But the stock market is something that you have absolutely no control over. It's subject to FOMO and periods of crazy gains like we've seen since 2018, and it's subject to periods of intense fear and sell offs like we have seen for the last 8 weeks straight. The Nasdaq lost something like 35% of its value since January and many individual stocks are down over 50%. This kind of volatility is interesting to watch as a 36 year old, probably a lot of fun to play with in your early 20s, and straight up terrifying if you're about to retire. Imagine that you're about to leave the workforce and have to live off the 401k or IRA you've been squirreling away for the last 40 years and POOOOOOOOOOOF SON! 35% of it is gone in 4 months. And nothing you can do about it, just the market doing what the market does. Oh yea and also inflation is above 8% and gas is projected by JPMorgan to hit 6 bucks a gallon this summer.
You could take your spare money and gamble it on cryptocurrency. Enough said.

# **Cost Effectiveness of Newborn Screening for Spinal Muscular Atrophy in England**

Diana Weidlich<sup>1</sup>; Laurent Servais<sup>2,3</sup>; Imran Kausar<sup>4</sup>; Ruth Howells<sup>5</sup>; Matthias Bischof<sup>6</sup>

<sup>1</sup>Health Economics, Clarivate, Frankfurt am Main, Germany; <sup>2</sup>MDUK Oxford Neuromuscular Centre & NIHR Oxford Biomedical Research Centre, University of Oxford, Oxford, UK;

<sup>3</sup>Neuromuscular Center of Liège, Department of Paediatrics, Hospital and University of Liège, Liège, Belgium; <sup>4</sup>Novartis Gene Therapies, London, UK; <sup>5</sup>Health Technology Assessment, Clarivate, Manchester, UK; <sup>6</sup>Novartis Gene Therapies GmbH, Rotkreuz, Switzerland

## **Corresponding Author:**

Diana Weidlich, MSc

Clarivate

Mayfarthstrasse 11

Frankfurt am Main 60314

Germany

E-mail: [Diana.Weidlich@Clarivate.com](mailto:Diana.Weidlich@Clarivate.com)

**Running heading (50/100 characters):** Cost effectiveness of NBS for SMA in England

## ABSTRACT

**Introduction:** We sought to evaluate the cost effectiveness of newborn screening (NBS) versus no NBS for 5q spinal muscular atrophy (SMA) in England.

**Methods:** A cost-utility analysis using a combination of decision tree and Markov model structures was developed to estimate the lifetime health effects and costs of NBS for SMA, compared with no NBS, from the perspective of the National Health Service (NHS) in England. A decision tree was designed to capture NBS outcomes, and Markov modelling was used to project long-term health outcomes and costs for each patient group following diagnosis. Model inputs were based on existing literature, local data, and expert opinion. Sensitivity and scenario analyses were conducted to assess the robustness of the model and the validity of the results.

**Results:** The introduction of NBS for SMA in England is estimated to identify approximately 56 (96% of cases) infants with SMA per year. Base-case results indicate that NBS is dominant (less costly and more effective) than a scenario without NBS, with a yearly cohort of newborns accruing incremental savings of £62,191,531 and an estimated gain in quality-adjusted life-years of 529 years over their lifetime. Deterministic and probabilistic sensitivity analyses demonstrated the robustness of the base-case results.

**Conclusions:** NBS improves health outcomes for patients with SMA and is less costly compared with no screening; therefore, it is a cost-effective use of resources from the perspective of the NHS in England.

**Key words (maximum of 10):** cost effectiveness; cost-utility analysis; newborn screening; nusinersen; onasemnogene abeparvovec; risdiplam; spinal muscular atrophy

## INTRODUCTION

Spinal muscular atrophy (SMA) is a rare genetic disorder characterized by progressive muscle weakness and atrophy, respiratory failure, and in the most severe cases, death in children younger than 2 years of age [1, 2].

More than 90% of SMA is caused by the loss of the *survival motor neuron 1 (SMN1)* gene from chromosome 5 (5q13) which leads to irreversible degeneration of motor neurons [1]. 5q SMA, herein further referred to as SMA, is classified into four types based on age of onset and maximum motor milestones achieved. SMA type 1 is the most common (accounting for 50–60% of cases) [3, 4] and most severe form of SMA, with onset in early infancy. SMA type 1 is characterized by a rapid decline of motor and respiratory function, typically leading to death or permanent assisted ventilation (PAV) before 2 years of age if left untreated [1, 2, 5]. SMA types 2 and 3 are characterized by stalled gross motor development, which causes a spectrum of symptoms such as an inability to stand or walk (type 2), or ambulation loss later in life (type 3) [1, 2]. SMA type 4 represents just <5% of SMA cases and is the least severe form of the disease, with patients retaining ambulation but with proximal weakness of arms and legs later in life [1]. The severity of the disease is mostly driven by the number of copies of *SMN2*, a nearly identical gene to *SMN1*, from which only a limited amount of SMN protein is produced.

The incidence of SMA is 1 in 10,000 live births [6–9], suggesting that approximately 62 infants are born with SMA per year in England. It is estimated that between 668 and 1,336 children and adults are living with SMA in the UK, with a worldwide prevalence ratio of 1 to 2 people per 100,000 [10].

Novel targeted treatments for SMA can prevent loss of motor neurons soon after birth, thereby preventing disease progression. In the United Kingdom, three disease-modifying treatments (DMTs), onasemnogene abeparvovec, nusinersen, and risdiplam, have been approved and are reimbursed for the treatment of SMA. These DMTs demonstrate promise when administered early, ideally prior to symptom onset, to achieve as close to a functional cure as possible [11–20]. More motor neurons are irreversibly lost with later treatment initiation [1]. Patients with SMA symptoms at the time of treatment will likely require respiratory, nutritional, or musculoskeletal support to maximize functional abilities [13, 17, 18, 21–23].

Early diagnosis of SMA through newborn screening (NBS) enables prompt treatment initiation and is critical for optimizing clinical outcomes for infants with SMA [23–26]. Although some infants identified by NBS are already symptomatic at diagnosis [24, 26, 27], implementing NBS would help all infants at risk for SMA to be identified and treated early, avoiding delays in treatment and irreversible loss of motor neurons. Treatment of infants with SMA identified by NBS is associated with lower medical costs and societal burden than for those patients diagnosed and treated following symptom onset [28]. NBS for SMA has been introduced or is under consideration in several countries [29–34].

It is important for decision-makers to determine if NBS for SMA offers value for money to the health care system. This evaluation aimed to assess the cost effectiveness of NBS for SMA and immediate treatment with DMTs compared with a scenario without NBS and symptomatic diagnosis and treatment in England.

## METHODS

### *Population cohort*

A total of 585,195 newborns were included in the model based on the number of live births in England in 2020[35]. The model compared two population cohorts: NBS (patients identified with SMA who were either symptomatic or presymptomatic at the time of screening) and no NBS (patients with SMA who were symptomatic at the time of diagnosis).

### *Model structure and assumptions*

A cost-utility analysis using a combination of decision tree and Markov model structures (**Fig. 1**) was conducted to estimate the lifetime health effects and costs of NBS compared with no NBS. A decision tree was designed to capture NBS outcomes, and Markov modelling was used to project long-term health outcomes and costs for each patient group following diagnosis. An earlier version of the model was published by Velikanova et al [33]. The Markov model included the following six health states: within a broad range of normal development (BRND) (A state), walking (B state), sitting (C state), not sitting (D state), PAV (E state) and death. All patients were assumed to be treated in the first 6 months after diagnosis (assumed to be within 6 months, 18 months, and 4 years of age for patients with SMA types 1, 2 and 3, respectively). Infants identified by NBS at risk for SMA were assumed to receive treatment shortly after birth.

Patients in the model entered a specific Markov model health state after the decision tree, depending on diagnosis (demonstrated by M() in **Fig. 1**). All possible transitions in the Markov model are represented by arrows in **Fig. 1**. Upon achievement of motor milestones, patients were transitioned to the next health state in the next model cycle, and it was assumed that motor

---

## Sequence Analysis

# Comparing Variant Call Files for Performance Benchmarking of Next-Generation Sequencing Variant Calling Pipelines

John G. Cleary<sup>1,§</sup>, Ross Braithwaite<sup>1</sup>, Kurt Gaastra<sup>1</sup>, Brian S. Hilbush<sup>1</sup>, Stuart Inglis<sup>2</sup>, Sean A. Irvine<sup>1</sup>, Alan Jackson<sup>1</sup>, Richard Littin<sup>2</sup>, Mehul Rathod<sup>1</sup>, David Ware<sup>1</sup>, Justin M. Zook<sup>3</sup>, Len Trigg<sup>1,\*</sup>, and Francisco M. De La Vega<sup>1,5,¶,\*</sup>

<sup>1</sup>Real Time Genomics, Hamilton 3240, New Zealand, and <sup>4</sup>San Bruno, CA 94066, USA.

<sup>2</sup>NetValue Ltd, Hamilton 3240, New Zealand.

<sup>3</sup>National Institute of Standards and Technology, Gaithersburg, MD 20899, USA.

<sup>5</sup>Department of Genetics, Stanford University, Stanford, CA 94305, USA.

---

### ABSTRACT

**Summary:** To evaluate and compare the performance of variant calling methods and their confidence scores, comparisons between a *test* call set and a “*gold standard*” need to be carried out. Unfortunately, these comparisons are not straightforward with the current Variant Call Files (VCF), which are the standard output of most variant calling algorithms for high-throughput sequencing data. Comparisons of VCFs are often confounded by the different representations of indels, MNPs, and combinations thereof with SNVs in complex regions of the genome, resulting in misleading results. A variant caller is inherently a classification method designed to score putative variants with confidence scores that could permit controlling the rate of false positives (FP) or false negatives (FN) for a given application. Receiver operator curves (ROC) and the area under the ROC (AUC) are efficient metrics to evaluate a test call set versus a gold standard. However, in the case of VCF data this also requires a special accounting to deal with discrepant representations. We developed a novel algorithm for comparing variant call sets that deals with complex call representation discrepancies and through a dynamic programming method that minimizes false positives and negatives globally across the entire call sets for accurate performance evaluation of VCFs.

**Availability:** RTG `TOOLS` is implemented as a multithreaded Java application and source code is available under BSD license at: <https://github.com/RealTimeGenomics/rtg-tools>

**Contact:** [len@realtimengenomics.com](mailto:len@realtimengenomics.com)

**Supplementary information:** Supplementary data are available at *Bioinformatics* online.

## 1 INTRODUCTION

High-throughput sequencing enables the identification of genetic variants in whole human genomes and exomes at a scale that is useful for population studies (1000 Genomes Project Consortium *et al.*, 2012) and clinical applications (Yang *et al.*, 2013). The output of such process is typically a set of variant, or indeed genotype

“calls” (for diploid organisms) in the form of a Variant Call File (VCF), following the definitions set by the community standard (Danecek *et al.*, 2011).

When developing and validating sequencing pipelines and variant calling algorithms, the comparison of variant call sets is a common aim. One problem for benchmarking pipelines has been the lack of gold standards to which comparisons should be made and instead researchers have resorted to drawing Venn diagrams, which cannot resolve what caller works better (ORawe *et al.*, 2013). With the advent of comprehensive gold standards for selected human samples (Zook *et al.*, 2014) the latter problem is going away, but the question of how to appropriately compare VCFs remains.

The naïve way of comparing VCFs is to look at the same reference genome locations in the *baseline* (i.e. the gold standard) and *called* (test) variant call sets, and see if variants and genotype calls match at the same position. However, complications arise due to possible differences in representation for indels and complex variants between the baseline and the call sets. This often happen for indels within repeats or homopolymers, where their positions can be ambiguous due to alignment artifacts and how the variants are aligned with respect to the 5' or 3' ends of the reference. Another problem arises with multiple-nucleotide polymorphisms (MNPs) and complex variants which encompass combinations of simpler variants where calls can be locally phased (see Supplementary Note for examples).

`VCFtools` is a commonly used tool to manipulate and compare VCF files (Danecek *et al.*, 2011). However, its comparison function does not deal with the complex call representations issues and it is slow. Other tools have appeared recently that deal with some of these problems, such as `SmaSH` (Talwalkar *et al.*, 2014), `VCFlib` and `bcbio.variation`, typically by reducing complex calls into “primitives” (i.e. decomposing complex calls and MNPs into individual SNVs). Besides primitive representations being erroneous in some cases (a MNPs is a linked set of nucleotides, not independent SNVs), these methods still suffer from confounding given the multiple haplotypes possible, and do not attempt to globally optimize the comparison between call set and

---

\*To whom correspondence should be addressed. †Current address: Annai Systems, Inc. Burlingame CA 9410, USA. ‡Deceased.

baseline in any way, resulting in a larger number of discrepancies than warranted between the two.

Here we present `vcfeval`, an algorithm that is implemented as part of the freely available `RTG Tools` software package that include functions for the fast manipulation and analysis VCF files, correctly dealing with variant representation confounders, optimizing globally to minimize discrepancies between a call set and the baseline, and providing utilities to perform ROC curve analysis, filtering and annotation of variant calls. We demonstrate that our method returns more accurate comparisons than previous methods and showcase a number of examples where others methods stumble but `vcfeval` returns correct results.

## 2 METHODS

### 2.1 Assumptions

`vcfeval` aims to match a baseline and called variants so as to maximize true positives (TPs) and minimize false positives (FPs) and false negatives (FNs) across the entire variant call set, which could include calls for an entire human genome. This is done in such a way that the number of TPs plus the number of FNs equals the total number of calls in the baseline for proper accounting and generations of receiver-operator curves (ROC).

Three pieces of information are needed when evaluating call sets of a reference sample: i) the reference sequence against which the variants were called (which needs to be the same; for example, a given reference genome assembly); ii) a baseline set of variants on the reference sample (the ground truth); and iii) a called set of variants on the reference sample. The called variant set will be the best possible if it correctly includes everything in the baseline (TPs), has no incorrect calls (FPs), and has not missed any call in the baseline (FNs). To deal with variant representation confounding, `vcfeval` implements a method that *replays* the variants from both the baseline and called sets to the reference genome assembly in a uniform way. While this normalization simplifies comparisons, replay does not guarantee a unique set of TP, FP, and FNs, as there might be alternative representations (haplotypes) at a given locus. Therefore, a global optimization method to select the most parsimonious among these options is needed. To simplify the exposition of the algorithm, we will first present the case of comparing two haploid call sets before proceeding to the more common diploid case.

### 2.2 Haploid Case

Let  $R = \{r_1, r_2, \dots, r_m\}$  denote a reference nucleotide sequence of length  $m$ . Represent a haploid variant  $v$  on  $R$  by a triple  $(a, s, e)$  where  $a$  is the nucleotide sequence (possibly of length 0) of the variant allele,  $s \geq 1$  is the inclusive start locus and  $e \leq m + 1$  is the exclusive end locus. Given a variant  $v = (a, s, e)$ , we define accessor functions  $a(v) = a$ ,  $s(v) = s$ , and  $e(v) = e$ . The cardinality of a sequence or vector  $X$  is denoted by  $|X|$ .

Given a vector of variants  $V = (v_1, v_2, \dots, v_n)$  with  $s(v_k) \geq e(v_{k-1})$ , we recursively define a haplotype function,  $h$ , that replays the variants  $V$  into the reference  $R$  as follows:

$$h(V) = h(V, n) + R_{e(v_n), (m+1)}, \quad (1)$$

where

You could take your excess money and buy precious metals with it. I don't think this is a terrible idea with a portion of your portfolio, most investment managers seem to agree you should have some percentage of your portfolio in actual, tangible, precious stuff. But investing in metals is ridiculously boring and usually done to prepare for financial apolcalypse. It's as simple as this, you buy an ounce of gold and 40 years later you still own an ounce of gold. It's value is then determined by what the wizards at the central bank have done. Most people that invest heavily into precious metals think of the Fed as one of the greatest evils to be brought onto the earth and essentially use their holdings of physical metal as a hedge against what they see as reckless financial policy. I kind of sort of fall into this camp, but more than metals I love housing.
You could invest in rentals. They're so boring! Unless of course you have shit tenants in which case life gets exciting real quick. But with good tenants generally you take care of them and they take care of you. And its a beautiful symbiotic relationship where you provide them with a decent place to live and they pay you for it. The beauty of this in terms of an investment is what I mentioned earier about numerous tax benefits. The other wonderful part is that in general since its creation the Federal Reserve is known for printing money to stimulate inflation. So while your cost basis on your property remains the same, generally and almost always, the rent goes up.